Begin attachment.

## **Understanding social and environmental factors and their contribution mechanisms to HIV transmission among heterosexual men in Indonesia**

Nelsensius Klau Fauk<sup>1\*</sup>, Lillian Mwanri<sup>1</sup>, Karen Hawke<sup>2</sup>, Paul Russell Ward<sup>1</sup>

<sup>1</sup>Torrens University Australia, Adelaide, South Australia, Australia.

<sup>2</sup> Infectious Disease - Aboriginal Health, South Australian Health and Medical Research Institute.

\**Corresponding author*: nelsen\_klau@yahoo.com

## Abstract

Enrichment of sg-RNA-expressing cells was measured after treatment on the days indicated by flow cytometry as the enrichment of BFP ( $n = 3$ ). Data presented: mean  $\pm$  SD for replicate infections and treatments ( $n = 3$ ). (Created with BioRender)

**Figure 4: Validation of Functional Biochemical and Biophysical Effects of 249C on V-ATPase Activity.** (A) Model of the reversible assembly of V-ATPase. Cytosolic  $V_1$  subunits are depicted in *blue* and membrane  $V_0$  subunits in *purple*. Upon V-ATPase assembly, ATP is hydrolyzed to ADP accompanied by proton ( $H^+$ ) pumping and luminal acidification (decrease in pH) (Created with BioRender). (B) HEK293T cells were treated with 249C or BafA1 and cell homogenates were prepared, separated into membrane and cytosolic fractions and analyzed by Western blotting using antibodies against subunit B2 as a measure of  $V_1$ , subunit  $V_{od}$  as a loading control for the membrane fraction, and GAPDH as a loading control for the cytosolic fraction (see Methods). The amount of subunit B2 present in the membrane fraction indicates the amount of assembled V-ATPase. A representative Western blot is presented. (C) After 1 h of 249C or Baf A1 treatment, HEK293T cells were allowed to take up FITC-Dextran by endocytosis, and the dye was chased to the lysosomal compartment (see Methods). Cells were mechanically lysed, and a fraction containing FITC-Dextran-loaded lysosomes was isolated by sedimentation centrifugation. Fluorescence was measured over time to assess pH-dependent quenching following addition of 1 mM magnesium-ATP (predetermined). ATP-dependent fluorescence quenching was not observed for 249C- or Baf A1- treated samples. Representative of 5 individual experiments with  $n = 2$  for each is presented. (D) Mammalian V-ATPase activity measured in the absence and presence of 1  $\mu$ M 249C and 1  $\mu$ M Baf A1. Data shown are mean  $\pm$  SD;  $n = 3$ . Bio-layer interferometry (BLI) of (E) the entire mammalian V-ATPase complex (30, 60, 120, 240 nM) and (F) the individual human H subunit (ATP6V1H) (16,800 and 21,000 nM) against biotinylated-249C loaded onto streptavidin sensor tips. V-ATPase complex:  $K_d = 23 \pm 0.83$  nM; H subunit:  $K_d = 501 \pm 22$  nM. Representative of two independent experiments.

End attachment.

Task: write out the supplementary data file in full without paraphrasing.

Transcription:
## **Understanding social and environmental factors and their contribution mechanisms to HIV transmission among heterosexual men in Indonesia**

Nelsensius Klau Fauk<sup>1\*</sup>, Lillian Mwanri<sup>1</sup>, Karen Hawke<sup>2</sup>, Paul Russell Ward<sup>1</sup>

<sup>1</sup>Torrens University Australia, Adelaide, South Australia, Australia.

<sup>2</sup> Infectious Disease - Aboriginal Health, South Australian Health and Medical Research Institute.

\**Corresponding author*: nelsen\_klau@yahoo.com

## Abstract

Enrichment of sg-RNA-expressing cells was measured after treatment on the days indicated by flow cytometry as the enrichment of BFP ( $n = 3$ ). Data presented: mean  $\pm$  SD for replicate infections and treatments ( $n = 3$ ). (Created with BioRender)

**Figure 4: Validation of Functional Biochemical and Biophysical Effects of 249C on V-ATPase Activity.** (A) Model of the reversible assembly of V-ATPase. Cytosolic  $V_1$  subunits are depicted in *blue* and membrane  $V_0$  subunits in *purple*. Upon V-ATPase assembly, ATP is hydrolyzed to ADP accompanied by proton ( $H^+$ ) pumping and luminal acidification (decrease in pH) (Created with BioRender). (B) HEK293T cells were treated with 249C or BafA1 and cell homogenates were prepared, separated into membrane and cytosolic fractions and analyzed by Western blotting using antibodies against subunit B2 as a measure of  $V_1$ , subunit  $V_{od}$  as a loading control for the membrane fraction, and GAPDH as a loading control for the cytosolic fraction (see Methods). The amount of subunit B2 present in the membrane fraction indicates the amount of assembled V-ATPase. A representative Western blot is presented. (C) After 1 h of 249C or Baf A1 treatment, HEK293T cells were allowed to take up FITC-Dextran by endocytosis, and the dye was chased to the lysosomal compartment (see Methods). Cells were mechanically lysed, and a fraction containing FITC-Dextran-loaded lysosomes was isolated by sedimentation centrifugation. Fluorescence was measured over time to assess pH-dependent quenching following addition of 1 mM magnesium-ATP (predetermined). ATP-dependent fluorescence quenching was not observed for 249C- or Baf A1- treated samples. Representative of 5 individual experiments with  $n = 2$  for each is presented. (D) Mammalian V-ATPase activity measured in the absence and presence of 1  $\mu$ M 249C and 1  $\mu$ M Baf A1. Data shown are mean  $\pm$  SD;  $n = 3$ . Bio-layer interferometry (BLI) of (E) the entire mammalian V-ATPase complex (30, 60, 120, 240 nM) and (F) the individual human H subunit (ATP6V1H) (16,800 and 21,000 nM) against biotinylated-249C loaded onto streptavidin sensor tips. V-ATPase complex:  $K_d = 23 \pm 0.83$  nM; H subunit:  $K_d = 501 \pm 22$  nM. Representative of two independent experiments.